Electronic Theses and Dissertations

Identifier

838

Date

2013

Date of Award

4-22-2013

Document Type

Dissertation

Degree Name

Doctor of Philosophy

Major

Ed Psychology and Research

Concentration

Educational Research

Committee Chair

Terrence T. Ishitani

Committee Member

Ernest A. Rakow

Committee Member

John C. Smart

Committee Member

Yonghong J. Xu

Abstract

This study examined the relationships of various teacher factors, such as their satisfaction with salary, self-efficacy, and years of experience, and various school factors, like administrative support, socioeconomic impact of student families, and student truancy, with the intention of math and science teachers to remain in the profession. The model of teacher retention in this study bolstered prior understanding by offering five novel advancements: (1) this study differentiated between teachers' salaries and teachers' satisfaction with their salaries, as the latter may have had a distinct impact in the retention of math and science teachers, (2) this study differentiated between job satisfaction and an intention to remain in the profession, as this intention may be a better indicator of retention, (3) this study incorporated a more comprehensive and recent data set to improve generalization of findings to the population of math and science teachers in the United States, (4) this study extended the use of a sufficiently sophisticated methodology with these data, and (5) this study focused these concerns on math and science teachers in secondary public schools, a population of teachers which has not been a central focus of study before but is of rising interest to policymakers at all levels of education. Data came from the 2007-08 Schools and Staffing Survey, and structural equation modeling constituted the primary method of analysis. Findings from this study indicate that the socioeconomic impact of student families, student truancy, and teacher experience all influence teacher self-efficacy, while administrative support, teacher self-efficacy, and satisfaction with salary all influence the intention of math and science teachers to remain in the profession. Their satisfaction with salary, in fact, wielded the greatest impact on their intention to remain in the profession. Results from this study offer practical guidance for educational policymakers and practitioners alike in helping them make decisions concerning the retention of math and science teachers in secondary public schools, on whom the fields in science, technology, engineering, and mathematics are so dependent.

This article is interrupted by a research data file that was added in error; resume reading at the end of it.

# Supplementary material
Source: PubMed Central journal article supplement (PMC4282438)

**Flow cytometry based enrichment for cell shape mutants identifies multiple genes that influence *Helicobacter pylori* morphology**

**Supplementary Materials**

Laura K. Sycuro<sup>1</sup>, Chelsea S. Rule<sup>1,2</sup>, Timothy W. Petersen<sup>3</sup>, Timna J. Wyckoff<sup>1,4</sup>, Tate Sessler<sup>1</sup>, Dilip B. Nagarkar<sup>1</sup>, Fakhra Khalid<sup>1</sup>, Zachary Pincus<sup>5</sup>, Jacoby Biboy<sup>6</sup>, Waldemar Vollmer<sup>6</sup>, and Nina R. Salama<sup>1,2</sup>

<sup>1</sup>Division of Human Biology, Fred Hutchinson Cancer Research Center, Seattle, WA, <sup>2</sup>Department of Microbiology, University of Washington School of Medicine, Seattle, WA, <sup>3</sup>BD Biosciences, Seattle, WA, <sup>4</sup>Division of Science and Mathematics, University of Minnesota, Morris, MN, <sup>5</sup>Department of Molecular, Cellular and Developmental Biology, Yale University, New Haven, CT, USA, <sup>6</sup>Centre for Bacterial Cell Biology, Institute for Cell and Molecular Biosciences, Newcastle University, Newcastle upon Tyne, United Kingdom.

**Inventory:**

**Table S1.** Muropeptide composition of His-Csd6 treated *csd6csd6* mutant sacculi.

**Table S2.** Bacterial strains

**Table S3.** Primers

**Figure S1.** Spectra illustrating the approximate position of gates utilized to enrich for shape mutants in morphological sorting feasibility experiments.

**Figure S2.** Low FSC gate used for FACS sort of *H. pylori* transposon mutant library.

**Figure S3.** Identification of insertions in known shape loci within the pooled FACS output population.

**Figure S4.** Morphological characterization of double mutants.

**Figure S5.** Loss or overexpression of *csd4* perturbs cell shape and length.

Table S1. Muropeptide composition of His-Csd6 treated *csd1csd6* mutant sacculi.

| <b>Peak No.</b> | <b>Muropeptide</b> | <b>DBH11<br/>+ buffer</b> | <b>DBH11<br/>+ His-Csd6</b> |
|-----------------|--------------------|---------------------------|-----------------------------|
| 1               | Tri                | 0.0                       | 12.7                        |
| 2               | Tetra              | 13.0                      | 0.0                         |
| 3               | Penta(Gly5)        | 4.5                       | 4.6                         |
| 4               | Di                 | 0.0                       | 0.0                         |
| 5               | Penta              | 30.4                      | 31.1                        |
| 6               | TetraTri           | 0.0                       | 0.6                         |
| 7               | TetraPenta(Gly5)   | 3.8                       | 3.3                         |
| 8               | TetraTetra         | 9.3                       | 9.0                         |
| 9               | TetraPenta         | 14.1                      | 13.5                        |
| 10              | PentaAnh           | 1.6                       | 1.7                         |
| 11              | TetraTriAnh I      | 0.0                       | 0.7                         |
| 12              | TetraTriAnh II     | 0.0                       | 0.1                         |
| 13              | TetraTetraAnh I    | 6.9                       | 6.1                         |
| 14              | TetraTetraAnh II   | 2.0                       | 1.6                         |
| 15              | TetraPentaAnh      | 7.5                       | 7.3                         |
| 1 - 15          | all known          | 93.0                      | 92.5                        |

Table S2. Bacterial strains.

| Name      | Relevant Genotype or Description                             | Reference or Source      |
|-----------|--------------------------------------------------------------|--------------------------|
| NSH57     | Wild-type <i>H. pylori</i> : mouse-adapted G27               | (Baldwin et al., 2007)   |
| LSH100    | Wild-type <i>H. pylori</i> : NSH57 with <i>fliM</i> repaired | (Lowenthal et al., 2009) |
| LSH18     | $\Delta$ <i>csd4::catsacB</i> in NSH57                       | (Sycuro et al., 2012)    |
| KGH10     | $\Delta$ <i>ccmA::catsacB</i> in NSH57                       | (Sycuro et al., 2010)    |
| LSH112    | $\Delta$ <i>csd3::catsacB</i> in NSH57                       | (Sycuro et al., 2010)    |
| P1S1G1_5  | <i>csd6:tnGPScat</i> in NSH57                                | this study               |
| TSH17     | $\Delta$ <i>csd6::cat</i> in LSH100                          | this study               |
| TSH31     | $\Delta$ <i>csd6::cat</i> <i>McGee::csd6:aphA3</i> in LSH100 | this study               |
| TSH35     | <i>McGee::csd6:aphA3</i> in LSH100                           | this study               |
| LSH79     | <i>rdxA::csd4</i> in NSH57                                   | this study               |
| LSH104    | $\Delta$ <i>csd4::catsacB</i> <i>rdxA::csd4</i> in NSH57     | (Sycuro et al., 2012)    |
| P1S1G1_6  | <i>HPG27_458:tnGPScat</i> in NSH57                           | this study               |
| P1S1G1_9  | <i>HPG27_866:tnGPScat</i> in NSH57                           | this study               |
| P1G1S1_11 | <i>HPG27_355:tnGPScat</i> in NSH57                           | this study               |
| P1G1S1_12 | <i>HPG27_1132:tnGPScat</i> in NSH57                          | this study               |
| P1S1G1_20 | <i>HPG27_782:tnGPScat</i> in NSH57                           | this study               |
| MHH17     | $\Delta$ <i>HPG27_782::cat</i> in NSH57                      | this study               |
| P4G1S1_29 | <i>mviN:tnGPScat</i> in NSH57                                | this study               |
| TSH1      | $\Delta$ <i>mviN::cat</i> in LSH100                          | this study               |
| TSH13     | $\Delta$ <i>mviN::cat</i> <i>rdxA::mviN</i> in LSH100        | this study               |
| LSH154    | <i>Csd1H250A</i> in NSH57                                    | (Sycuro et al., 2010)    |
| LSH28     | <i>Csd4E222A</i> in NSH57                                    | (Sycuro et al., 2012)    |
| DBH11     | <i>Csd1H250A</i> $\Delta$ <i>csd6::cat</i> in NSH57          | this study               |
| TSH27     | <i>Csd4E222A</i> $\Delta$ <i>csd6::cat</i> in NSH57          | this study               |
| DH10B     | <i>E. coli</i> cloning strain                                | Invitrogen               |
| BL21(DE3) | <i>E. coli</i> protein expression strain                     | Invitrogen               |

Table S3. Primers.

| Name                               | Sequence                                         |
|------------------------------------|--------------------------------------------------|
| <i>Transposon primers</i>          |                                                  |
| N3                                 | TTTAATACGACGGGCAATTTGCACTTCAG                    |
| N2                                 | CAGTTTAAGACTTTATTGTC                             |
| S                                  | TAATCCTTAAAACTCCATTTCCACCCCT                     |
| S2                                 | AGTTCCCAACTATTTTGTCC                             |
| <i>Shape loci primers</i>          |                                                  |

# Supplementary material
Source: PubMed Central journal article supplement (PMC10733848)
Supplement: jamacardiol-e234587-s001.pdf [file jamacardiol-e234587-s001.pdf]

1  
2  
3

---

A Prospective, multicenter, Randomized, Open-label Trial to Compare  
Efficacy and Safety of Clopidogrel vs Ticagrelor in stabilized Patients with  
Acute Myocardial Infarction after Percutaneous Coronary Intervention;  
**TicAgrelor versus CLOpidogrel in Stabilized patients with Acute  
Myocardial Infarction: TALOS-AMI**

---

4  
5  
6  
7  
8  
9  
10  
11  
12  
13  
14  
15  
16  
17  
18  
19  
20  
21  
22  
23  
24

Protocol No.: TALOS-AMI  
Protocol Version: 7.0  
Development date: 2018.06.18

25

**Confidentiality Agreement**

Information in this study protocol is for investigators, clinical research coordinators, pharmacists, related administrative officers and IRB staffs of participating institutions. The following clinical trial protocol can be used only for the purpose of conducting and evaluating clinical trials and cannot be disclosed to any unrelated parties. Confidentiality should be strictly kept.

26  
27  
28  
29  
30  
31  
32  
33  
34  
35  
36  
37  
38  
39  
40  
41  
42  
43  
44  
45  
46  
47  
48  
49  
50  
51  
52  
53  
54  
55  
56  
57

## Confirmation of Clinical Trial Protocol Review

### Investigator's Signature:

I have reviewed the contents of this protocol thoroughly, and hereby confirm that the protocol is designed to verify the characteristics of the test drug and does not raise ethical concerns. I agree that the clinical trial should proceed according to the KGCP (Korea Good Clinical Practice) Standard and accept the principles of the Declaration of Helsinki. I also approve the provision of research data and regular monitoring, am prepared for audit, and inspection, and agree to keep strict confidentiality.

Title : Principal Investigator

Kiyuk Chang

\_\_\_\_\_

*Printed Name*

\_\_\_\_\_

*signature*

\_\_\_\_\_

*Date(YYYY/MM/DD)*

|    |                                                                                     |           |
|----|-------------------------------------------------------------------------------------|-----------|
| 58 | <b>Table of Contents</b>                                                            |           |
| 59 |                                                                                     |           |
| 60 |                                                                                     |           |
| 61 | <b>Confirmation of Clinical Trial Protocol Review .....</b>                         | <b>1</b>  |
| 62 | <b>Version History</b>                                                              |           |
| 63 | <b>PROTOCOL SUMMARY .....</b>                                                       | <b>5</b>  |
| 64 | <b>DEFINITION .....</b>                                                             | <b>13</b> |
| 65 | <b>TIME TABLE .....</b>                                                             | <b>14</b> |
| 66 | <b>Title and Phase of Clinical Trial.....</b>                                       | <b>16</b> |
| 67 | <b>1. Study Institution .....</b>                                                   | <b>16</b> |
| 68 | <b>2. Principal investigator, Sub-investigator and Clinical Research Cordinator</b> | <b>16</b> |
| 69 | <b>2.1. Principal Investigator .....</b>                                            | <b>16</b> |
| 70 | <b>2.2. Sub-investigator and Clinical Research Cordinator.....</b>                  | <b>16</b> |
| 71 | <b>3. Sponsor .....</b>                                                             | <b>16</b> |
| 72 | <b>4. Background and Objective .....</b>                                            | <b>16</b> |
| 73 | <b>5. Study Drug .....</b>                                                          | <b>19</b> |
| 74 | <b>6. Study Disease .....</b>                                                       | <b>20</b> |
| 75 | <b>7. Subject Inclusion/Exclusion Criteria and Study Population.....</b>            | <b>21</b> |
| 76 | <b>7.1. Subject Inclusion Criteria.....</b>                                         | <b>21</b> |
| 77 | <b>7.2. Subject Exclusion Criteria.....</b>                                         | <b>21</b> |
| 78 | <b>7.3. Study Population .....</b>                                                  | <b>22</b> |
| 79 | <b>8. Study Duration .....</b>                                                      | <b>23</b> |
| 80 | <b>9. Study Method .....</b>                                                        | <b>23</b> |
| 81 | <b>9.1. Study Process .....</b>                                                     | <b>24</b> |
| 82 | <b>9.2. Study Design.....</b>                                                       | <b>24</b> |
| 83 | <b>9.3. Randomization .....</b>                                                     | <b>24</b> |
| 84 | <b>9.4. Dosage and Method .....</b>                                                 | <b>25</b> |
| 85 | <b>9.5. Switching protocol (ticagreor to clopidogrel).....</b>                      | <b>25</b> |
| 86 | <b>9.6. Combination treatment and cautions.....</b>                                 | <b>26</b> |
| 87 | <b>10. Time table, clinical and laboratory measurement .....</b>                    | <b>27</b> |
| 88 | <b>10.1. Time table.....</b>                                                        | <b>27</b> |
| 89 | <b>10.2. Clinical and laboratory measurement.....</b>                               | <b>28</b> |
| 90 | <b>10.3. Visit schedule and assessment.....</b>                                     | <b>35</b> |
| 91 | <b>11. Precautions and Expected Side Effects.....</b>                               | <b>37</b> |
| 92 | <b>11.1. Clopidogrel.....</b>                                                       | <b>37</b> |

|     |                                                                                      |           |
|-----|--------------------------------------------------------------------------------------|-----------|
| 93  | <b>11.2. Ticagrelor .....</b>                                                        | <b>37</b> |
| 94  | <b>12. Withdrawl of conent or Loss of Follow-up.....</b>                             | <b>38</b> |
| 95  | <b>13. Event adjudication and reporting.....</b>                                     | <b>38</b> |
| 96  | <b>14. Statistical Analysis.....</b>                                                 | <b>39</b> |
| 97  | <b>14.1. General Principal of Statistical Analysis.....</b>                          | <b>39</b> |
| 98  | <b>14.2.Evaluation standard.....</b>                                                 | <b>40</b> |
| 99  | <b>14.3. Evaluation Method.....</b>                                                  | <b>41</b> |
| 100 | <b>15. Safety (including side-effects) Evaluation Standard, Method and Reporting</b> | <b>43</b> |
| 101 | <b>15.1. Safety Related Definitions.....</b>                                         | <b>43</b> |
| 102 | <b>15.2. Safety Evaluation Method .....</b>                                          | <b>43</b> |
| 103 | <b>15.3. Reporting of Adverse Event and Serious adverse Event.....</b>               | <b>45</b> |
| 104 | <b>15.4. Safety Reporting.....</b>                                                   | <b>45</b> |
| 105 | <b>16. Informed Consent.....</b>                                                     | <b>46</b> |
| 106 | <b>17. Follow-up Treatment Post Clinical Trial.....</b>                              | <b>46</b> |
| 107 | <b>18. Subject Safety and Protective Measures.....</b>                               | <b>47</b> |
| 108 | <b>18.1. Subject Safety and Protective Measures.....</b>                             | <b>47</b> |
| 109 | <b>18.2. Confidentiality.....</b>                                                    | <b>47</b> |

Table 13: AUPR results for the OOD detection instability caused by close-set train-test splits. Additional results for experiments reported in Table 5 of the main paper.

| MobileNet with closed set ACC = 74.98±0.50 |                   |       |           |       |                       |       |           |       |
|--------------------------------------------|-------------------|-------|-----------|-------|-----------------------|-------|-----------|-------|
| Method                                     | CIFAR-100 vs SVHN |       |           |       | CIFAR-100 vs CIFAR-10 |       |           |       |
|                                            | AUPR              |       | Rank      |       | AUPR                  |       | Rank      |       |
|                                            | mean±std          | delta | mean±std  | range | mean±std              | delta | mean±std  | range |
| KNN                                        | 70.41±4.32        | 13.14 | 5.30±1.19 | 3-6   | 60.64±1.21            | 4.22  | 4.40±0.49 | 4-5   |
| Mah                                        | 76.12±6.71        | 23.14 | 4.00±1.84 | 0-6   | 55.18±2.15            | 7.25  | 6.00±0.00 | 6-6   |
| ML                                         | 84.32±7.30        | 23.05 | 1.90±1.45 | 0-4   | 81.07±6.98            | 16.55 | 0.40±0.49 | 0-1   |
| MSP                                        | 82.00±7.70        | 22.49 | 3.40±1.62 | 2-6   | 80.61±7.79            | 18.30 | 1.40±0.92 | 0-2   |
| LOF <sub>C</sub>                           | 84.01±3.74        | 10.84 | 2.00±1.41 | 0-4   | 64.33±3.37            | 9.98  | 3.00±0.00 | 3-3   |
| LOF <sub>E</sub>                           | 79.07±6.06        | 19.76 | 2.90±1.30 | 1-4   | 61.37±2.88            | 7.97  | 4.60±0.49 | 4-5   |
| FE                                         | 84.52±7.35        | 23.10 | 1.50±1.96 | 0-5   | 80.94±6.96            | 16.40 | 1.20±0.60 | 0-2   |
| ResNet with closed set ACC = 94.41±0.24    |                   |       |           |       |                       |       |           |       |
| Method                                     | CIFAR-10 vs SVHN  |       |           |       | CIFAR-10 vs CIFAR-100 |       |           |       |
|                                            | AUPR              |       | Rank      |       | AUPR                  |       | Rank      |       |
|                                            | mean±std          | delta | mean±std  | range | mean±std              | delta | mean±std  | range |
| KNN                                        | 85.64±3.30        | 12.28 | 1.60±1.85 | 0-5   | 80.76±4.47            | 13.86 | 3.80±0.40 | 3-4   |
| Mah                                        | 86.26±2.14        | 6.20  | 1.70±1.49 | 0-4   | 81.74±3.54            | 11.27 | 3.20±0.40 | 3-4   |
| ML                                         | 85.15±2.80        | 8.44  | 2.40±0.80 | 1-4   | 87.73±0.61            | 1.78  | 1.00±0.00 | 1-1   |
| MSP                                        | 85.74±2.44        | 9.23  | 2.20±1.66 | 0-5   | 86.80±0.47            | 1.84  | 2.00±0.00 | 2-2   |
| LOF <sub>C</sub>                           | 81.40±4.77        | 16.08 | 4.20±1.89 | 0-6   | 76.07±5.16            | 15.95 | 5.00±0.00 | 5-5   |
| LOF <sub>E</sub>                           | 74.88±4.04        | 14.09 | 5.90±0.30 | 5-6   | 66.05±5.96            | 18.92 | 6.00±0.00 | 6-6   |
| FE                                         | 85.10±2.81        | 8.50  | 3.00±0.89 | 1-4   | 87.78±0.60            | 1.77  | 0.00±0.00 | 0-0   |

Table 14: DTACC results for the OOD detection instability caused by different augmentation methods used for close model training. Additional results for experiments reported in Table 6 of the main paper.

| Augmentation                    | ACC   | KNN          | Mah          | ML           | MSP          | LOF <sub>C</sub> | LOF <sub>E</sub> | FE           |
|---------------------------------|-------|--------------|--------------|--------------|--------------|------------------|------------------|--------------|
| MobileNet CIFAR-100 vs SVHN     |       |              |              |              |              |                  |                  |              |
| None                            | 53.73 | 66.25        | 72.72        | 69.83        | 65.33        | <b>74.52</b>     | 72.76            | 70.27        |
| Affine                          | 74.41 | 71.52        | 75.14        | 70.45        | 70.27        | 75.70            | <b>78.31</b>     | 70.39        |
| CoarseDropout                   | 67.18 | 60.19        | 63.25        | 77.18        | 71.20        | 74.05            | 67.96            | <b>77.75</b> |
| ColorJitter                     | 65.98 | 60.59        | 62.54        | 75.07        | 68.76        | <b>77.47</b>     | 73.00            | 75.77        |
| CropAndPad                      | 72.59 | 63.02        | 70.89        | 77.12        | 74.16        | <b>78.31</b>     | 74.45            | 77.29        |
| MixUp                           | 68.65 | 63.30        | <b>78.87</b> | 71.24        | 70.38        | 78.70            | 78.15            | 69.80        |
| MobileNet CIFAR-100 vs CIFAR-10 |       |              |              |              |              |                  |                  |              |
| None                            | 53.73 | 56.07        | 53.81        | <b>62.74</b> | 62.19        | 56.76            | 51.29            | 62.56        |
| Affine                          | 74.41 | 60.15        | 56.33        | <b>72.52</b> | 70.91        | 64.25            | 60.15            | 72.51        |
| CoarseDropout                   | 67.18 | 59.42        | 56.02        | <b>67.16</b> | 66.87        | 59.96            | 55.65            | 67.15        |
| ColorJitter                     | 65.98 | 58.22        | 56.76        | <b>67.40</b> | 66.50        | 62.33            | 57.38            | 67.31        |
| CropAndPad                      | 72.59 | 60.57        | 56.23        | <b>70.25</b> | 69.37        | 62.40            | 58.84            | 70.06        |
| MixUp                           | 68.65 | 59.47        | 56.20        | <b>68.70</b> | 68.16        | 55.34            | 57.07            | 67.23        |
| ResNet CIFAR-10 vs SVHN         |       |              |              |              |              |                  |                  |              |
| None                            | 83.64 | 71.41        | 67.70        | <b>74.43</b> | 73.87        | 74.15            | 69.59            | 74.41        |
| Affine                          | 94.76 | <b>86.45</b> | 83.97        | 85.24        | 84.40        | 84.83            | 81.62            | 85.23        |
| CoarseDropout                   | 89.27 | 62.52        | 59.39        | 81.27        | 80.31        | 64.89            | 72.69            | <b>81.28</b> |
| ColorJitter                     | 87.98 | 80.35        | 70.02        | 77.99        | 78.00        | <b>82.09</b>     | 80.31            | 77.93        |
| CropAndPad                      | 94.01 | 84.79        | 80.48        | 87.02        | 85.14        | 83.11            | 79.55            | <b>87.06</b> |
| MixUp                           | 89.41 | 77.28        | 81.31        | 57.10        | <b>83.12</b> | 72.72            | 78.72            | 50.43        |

Comments

Data is provided by the student.

Library Comment

dissertation or thesis originally submitted to the local University of Memphis Electronic Theses & dissertation (ETD) Repository.

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